The 2015–2016 winter season was a test for the newly restored sand dunes. With massive El Niño-fueled winter surf hitting the North Shore, more than 11 miles of highway were closed for days due to wave overwash. Yet the sand dunes held, and the Sunset Beach homeowners who had opted for restoring the dunes were relieved to find that no structures were lost or permanently damaged.
Sea level rise exacerbates shoreline erosion
Despite the success on Sunset Beach, the State’s coastal land managers know that repairing dunes is not a solution for every situation. On many eroded shorelines, there simply isn’t enough sand available to rebuild dunes, and outside sources of beach-quality sand are limited and expensive. Additionally, continued sea level rise will increase the intensity of impacts from storms and high waves.
“The frequency and severity of coastal erosion and flooding events are only going to increase in the coming decades with climate change and sea level rise, so improving coastal community resilience makes sense for the present and the future,” noted Dr. Romine.
The State seeks solutions
The problems of shoreline erosion on the North Shore and around Hawaiʻi highlight how vulnerable the state’s communities and economy are to sea level rise and coastal hazards. The growing concern over threats brought by climate change has captured the attention of the public as well as elected officials, spurring a legislative response. In 2014, the State passed the Hawaiʻi Climate Adaptation Initiative. This legislative act declared that climate change is the paramount challenge of this century (State Act 83, 2014), and mandated the convening of a new Interagency Climate Adaptation Committee. The first task of the Committee and the Department of Land and Natural Resources (DLNR) is to develop a Sea Level Rise Vulnerability and Adaptation Report—a step ultimately intended to lead to a Climate Adaptation Plan for the State of Hawai‘i.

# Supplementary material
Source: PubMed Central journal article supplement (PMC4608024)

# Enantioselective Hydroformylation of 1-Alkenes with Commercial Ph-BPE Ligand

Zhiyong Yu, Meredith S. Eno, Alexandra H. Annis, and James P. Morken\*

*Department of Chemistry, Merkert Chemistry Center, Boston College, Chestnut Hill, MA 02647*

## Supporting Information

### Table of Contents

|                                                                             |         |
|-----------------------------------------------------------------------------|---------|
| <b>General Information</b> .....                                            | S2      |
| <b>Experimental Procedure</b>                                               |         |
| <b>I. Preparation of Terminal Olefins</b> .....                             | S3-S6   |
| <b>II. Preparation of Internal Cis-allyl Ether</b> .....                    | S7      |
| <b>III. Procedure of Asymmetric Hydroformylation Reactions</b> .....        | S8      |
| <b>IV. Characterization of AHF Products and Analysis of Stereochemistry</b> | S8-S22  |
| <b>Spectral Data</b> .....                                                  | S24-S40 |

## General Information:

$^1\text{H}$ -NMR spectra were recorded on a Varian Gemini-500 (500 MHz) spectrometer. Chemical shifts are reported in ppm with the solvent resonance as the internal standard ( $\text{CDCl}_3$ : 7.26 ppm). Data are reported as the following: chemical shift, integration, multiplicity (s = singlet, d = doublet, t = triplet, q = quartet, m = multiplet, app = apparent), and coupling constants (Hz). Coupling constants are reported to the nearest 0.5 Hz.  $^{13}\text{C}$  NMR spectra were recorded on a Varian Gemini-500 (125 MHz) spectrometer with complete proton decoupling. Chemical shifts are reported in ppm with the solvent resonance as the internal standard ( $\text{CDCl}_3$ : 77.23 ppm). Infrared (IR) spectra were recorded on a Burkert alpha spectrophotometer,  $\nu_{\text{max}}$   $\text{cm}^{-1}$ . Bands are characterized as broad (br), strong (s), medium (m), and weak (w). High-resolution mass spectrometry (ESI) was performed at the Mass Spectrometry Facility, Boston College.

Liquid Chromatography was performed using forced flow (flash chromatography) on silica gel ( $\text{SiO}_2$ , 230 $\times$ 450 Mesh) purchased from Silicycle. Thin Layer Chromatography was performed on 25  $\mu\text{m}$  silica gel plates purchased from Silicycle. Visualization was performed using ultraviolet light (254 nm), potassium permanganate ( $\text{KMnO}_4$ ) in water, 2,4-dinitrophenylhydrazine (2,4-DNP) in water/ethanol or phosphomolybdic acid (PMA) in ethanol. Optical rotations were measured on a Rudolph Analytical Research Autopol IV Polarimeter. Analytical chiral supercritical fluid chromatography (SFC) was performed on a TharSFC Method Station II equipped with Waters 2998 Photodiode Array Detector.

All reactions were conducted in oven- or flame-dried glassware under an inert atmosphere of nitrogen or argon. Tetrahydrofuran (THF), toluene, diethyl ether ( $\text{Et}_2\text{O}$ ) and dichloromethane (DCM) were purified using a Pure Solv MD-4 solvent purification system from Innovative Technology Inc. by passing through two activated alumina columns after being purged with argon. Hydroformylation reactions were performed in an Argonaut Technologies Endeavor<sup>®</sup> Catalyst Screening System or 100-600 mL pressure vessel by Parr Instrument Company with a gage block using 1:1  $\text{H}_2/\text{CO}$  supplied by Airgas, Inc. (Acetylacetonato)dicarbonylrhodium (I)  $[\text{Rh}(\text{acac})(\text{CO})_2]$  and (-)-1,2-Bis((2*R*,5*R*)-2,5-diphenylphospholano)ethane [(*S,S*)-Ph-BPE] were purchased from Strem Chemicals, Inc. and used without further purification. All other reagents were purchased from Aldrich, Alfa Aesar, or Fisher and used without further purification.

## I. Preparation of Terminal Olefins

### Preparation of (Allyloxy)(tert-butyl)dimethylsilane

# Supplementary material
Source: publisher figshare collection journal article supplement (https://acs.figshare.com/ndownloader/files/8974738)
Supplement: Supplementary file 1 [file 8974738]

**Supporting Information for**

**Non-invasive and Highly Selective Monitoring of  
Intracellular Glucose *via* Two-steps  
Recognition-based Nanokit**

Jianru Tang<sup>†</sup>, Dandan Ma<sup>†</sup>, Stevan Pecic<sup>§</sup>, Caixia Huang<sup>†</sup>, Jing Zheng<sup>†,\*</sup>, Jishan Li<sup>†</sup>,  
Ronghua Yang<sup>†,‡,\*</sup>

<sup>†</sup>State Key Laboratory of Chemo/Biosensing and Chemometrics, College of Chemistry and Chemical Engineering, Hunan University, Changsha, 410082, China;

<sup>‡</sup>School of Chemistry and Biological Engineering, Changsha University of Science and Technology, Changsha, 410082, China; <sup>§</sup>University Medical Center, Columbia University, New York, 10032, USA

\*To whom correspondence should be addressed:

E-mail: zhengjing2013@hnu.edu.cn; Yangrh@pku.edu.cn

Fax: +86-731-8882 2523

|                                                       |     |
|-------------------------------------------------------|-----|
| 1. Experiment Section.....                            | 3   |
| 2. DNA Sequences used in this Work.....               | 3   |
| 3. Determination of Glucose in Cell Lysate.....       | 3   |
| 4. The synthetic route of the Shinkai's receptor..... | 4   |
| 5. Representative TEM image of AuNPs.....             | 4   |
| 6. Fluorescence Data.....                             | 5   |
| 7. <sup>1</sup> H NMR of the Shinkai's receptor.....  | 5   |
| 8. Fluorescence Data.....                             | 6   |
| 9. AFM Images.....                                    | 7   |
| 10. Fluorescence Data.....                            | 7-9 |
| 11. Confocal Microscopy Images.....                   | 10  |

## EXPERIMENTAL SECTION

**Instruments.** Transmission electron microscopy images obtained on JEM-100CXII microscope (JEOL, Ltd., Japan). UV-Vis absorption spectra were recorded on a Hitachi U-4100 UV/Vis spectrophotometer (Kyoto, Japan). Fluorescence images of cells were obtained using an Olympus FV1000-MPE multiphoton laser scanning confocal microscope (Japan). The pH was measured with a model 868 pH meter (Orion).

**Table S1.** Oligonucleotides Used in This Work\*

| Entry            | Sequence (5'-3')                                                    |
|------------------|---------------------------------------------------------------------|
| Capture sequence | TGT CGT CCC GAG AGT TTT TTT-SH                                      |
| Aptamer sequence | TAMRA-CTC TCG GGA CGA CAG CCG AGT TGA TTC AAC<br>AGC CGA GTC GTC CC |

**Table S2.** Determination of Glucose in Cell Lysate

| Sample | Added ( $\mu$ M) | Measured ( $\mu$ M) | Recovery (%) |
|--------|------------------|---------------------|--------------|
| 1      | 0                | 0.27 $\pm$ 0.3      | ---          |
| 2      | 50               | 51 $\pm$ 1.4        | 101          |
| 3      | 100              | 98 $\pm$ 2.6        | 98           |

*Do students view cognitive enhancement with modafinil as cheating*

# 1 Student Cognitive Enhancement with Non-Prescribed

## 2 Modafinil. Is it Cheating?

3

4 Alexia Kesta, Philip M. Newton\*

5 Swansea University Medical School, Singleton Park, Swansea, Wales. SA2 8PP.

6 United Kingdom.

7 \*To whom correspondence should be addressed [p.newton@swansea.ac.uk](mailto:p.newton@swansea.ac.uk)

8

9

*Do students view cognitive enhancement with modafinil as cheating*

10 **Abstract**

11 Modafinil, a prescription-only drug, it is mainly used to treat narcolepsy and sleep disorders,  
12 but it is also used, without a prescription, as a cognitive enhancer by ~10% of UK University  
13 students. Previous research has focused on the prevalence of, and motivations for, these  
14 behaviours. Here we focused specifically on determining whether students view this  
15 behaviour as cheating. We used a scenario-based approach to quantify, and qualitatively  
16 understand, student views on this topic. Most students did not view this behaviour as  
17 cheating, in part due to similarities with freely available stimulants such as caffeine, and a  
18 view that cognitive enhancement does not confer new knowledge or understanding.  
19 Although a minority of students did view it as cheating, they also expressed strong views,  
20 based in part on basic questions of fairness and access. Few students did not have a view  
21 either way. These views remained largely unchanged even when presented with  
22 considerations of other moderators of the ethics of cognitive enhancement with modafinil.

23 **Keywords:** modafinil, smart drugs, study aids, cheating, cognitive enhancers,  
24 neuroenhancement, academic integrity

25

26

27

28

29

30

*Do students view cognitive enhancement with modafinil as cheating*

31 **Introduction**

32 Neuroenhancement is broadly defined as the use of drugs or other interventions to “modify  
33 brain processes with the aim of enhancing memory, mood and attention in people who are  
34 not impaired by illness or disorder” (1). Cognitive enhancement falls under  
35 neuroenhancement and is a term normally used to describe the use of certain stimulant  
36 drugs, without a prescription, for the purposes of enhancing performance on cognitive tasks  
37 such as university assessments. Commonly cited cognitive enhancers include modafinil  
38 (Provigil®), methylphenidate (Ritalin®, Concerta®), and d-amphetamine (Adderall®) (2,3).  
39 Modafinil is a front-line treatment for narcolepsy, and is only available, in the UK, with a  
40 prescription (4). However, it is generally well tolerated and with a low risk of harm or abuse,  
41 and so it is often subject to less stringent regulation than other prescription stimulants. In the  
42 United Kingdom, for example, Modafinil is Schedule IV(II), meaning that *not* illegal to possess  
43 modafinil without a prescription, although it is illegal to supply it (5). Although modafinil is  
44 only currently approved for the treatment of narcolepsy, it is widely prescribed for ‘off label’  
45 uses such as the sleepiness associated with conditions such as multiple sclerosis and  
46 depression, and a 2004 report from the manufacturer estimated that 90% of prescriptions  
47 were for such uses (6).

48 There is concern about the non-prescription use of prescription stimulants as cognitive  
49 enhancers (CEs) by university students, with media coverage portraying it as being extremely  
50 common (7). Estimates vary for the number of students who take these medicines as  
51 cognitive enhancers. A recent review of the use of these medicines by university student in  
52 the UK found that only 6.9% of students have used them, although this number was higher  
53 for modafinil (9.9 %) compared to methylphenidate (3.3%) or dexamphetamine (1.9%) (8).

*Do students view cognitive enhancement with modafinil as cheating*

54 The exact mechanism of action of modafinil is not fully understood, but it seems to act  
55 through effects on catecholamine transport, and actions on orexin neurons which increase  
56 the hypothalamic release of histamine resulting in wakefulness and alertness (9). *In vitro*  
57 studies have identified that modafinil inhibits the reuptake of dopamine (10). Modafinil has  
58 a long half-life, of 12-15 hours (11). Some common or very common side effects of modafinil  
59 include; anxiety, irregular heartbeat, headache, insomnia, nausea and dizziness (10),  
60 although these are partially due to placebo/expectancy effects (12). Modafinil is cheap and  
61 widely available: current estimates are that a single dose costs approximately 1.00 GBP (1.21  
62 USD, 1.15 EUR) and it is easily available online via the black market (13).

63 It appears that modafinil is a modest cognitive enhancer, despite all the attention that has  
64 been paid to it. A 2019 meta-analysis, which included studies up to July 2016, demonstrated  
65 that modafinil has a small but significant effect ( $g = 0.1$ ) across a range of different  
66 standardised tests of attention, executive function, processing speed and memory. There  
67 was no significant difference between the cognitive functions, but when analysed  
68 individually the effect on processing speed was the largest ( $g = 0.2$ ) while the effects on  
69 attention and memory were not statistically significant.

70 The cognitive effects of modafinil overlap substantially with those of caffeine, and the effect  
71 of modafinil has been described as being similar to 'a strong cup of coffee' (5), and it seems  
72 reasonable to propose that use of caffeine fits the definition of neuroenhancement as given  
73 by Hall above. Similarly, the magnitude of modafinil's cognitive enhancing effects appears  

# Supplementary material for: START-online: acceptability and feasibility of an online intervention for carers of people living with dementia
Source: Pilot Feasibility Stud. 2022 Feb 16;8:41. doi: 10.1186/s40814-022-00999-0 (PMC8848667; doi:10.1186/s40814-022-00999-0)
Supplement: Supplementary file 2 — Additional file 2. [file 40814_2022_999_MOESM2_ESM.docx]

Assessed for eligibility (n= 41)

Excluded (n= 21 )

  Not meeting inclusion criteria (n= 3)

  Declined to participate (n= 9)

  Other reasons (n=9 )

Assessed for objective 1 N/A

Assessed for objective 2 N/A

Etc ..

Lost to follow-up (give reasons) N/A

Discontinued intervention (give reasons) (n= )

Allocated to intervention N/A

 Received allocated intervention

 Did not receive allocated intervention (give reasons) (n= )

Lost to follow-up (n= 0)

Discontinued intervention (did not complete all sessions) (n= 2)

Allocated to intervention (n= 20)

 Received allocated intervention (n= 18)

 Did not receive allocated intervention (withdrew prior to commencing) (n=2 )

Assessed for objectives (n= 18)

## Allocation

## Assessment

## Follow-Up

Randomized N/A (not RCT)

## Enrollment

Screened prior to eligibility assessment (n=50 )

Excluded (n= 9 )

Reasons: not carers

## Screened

Romine and his colleagues, through Hawaiʻi Sea Grant’s Center for Coastal and Climate Science and Resilience, are providing a critical link between the latest science at the university and decision makers in government to inform the development of the State Sea Level Rise Vulnerability and Adaptation Report. Through this successful university-government collaboration, Hawaiʻi Sea Grant, in partnership with the DLNR and State Office of Planning, secured additional funding through the NOAA Regional Coastal Resilience Grants Program to expand on the State’s work under the Climate Adaptation Initiative. In addition to providing increased capacity for understanding coastal hazards and sea level rise vulnerabilities, the NOAA-funded project will provide a close examination of local government planning systems and disaster recovery processes for opportunities to improve resilience to coastal hazards and sea level rise.